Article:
Chef Tyler Sailsbery

"Food makes a long trip sometimes between the farm and your table, and if we can take out some of those middle steps I think that we can often get a really good product," Sailsbery. "Also, hopefully we can put a little bit more (money) in the farmer's hand because we're getting it directly from them."

Sailsbery enjoys introducing people to new flavors and tasting experiences, and he hopes to do that very thing with the 2021 Farm to Table dinner. He said one recent favorite at The Black Sheep has been grits – a boiled cornmeal dish popular in the southeastern US – that's "modified to fit the northern palate."

Rick Roden, co-owner of Roden Echo Valley Farms, said he's looking forward to welcoming new and familiar faces to the farm for a sit-down dinner unlike anything that's happened on his property before. He said he expects about 150 people to come get a taste of the farm and learn where their food really comes from.

"We want to give them stuff that is produced locally and make it nice, put a little extra twist on it to make it a little more fancy ... (and) make it worthwhile," Roden said. "This is something that we've just never done before that we're excited to be a part of. And who knows, maybe in the future if this turns out well, it's something that we end up doing more of."

This isn't the first time Roden and the other owners of the farm – parents Bob and Cindy and wife Melissa – have welcomed outsiders to their farm. They host birthday parties, 4-H clubs, summer day camps and plenty of other family-friendly activities. Roden's sister Jackie runs Roden Barnyard Adventures, a subsidiary of the farm that hosts the summer camps and, recently, winter sleigh rides. Plus, there's plenty of farm tours to teach kids and adults alike about dairy farming.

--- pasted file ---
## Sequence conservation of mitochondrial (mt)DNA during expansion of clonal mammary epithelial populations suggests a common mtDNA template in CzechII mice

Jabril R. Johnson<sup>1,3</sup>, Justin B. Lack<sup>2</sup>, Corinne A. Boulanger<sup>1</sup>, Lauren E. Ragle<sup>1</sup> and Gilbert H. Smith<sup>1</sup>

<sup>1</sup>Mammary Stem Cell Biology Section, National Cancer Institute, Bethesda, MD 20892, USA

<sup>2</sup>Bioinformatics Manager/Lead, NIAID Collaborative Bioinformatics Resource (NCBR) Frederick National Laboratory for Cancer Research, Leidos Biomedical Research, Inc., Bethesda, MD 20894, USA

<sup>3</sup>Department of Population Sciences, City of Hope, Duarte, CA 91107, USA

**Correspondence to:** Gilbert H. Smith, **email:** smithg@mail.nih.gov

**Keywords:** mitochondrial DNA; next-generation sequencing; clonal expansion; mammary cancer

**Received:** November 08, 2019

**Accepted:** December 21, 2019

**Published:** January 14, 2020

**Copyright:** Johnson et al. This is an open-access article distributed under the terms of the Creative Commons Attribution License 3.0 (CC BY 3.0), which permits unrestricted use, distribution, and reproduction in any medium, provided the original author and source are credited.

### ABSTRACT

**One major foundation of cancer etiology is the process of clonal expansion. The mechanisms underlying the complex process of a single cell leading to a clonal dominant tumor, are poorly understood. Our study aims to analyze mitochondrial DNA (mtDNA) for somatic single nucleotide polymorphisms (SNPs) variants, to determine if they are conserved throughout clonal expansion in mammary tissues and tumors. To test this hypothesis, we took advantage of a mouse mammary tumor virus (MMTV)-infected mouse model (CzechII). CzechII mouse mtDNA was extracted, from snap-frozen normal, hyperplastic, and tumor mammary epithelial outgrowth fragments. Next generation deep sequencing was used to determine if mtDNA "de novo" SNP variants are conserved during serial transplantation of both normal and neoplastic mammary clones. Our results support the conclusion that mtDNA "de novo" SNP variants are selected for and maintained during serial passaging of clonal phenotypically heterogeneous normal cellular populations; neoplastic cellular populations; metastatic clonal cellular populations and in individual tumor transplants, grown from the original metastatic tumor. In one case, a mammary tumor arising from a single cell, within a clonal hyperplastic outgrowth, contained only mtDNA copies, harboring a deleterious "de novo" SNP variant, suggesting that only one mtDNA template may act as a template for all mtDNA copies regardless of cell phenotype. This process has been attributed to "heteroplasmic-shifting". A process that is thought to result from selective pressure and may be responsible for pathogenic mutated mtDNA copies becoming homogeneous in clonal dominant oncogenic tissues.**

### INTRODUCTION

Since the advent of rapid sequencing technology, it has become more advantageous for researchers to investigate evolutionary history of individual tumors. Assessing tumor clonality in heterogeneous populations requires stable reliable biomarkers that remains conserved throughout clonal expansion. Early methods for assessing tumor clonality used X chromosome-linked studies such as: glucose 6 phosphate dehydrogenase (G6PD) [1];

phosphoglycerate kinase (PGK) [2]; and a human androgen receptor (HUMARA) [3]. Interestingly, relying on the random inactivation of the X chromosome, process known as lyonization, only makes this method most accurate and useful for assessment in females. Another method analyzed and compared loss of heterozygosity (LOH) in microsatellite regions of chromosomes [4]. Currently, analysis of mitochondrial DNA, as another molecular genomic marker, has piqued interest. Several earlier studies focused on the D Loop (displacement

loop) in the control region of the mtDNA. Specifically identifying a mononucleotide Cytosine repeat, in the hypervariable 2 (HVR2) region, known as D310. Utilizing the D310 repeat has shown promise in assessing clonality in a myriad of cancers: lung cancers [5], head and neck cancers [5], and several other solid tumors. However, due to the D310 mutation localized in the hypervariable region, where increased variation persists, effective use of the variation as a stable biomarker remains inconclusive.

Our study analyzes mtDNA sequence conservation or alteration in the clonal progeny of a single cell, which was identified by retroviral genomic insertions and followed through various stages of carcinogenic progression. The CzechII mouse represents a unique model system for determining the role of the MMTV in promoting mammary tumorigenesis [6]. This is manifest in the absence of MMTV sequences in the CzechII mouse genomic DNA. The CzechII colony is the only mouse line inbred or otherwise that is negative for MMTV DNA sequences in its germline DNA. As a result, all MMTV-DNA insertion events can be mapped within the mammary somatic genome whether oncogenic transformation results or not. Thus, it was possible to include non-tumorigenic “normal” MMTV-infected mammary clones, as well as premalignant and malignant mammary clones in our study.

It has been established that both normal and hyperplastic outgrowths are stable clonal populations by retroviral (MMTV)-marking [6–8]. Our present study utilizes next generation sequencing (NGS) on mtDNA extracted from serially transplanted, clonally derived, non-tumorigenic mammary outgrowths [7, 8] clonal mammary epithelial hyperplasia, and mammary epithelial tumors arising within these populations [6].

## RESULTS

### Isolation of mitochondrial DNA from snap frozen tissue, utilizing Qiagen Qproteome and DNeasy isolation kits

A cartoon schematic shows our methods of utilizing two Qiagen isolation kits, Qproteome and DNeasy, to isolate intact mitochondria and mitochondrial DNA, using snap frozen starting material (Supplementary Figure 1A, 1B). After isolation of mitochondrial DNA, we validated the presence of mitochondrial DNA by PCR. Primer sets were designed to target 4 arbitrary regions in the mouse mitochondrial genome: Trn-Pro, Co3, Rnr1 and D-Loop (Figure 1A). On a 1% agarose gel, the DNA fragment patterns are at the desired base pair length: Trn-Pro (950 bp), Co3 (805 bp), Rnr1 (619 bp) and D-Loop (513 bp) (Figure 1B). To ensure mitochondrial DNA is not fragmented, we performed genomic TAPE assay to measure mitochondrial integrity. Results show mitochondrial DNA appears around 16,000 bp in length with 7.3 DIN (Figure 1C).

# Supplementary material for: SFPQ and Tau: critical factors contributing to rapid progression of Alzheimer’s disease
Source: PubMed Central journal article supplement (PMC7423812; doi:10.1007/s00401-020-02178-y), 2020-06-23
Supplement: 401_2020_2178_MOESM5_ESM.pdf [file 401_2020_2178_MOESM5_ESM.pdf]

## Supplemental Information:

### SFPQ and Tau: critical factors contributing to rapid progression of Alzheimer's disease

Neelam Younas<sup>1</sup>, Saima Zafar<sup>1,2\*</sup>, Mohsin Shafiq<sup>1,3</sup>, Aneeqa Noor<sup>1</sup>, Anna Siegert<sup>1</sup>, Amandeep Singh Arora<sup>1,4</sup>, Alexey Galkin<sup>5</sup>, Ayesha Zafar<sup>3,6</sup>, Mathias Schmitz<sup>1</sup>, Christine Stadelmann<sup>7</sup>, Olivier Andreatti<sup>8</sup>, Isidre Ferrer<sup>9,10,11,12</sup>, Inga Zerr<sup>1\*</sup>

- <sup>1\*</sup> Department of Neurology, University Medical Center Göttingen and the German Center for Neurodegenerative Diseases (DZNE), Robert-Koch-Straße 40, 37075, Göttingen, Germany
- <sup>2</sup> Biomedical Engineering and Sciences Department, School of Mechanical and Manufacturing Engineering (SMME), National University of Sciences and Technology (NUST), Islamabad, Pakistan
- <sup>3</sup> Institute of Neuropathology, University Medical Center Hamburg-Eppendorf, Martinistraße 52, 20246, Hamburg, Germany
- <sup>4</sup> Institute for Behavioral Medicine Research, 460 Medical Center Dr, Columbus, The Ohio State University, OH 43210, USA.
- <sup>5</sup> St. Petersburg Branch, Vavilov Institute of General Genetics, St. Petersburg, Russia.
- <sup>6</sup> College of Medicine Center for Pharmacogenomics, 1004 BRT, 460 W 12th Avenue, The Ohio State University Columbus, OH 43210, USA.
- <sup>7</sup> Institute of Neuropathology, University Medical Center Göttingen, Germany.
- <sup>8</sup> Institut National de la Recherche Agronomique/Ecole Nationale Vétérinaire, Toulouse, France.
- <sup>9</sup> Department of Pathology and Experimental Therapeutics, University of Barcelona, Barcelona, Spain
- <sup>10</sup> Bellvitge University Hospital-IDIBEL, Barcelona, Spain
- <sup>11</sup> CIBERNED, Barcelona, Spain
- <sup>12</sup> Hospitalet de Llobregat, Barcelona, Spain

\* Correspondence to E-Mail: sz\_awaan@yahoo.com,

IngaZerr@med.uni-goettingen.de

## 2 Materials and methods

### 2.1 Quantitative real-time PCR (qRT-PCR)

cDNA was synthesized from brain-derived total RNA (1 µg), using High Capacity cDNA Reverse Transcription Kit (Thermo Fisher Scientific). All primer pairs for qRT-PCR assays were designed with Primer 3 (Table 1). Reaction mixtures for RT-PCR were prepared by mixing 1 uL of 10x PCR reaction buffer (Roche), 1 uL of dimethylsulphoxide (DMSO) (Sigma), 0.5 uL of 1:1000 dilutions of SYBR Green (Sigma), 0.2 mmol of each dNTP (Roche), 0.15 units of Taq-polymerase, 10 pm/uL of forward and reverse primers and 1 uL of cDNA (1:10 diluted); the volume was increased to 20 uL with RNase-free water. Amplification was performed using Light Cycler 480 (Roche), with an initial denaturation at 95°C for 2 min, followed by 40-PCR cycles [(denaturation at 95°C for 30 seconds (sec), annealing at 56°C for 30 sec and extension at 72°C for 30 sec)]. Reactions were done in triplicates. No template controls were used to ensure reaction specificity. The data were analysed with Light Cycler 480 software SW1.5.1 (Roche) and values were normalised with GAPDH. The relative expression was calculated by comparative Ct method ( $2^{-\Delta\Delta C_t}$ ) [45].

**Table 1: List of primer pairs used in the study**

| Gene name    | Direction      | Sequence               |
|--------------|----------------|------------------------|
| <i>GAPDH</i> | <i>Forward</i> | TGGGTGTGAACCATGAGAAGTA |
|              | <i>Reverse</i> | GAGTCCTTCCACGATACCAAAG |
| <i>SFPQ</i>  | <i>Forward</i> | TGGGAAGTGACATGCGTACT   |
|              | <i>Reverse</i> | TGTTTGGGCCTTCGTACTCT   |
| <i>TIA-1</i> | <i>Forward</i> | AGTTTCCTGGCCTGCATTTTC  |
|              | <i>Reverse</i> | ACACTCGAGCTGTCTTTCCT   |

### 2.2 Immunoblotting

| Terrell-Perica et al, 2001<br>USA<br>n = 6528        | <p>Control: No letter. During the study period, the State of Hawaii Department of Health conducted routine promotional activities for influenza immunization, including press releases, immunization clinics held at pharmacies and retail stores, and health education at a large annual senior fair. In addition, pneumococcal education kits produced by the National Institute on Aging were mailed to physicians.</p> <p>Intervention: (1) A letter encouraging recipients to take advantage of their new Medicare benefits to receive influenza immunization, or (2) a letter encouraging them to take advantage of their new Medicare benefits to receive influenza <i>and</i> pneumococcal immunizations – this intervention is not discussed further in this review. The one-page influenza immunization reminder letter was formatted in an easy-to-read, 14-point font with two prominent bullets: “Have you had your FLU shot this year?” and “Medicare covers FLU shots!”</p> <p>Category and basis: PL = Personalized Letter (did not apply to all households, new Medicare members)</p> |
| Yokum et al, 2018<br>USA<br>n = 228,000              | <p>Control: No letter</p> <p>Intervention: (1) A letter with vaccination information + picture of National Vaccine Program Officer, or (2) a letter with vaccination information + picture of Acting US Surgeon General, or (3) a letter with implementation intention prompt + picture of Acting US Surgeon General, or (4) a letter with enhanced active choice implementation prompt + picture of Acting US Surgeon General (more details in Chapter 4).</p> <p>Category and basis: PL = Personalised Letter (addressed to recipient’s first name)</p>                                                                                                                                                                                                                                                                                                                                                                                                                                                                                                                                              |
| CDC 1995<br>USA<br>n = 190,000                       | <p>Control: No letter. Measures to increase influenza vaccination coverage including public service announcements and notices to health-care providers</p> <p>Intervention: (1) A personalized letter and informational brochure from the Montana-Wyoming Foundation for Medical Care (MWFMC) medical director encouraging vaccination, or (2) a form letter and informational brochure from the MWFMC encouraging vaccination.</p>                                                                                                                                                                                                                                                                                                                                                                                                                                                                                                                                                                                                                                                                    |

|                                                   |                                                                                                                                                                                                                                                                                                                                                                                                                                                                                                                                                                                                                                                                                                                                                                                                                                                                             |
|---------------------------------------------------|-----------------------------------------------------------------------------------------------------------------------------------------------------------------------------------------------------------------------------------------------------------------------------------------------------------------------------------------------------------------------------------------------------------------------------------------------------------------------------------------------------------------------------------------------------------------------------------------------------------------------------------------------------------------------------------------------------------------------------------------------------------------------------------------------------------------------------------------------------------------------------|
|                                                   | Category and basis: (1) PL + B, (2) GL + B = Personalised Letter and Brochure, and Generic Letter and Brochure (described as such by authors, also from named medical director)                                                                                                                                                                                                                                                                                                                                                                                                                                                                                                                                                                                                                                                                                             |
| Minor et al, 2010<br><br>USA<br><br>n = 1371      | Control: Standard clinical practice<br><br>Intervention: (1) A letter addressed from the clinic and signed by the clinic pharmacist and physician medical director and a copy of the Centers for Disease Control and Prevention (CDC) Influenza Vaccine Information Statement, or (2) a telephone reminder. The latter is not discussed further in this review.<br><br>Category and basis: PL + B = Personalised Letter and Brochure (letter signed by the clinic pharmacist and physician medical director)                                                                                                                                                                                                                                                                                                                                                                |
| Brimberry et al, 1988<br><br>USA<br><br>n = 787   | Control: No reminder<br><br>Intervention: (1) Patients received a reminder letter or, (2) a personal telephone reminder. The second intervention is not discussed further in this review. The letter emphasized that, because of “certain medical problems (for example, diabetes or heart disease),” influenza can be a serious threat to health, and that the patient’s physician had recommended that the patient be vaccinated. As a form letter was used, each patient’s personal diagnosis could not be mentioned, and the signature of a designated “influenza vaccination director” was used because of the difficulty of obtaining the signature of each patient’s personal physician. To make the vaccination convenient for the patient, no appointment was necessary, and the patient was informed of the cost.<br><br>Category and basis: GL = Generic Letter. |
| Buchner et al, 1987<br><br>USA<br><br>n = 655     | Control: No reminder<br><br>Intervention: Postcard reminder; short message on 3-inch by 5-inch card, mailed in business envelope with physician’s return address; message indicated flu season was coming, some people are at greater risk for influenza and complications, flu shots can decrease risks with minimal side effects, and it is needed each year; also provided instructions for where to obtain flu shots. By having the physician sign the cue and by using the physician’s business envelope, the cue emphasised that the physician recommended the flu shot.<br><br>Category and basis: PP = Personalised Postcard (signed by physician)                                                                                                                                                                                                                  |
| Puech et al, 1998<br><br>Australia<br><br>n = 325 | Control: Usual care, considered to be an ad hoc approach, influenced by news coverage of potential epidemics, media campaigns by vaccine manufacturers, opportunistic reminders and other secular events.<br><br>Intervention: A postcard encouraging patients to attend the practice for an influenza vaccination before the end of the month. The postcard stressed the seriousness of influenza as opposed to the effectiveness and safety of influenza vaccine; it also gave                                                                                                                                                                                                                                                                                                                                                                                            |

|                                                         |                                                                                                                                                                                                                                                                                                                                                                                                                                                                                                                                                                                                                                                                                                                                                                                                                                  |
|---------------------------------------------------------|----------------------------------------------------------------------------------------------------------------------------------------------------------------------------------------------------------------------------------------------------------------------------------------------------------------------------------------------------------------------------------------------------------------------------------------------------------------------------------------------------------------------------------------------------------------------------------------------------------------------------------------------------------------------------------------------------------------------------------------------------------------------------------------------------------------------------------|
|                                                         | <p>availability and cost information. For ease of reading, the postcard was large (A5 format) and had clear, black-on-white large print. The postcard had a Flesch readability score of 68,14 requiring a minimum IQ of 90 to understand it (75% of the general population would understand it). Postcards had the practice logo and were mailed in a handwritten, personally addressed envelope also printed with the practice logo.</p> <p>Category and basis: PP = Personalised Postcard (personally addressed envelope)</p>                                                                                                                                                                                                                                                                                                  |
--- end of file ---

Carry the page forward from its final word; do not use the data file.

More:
Sundae on the Farm is also a popular annual event at Roden Echo Valley Farms, where they serve grilled cheeses, sundaes and cheese samplings in conjunction with the Ozaukee County Dairy Promotion Board. This year's sundae celebration is slated for Sunday, Aug. 22.

Rick Roden loading the corn planter.

The Rodens have had to make some adjustments due to COVID-19. They were slated to host the 2020 Wisconsin Farm to Table Dinner, which was eventually canceled, and they also stopped hosting farm tours for an extended period of time. The sleigh rides became an alternative way to get people on the farm without risking anyone's health, and now the family is back and ready to serve up dinner this September.

"Everybody is required, when they come to the farm, to take a farm tour through the barn – see the cows get milked, where they eat," Roden said. "That is one thing that whoever comes to our farm for any particular event, that's one thing that they have to do. (The) goal is to teach people about agriculture and where their food comes from, that it just doesn't magically appear in the grocery store."

Tickets to the dinner are available for purchase at $100 per person on Eventbrite.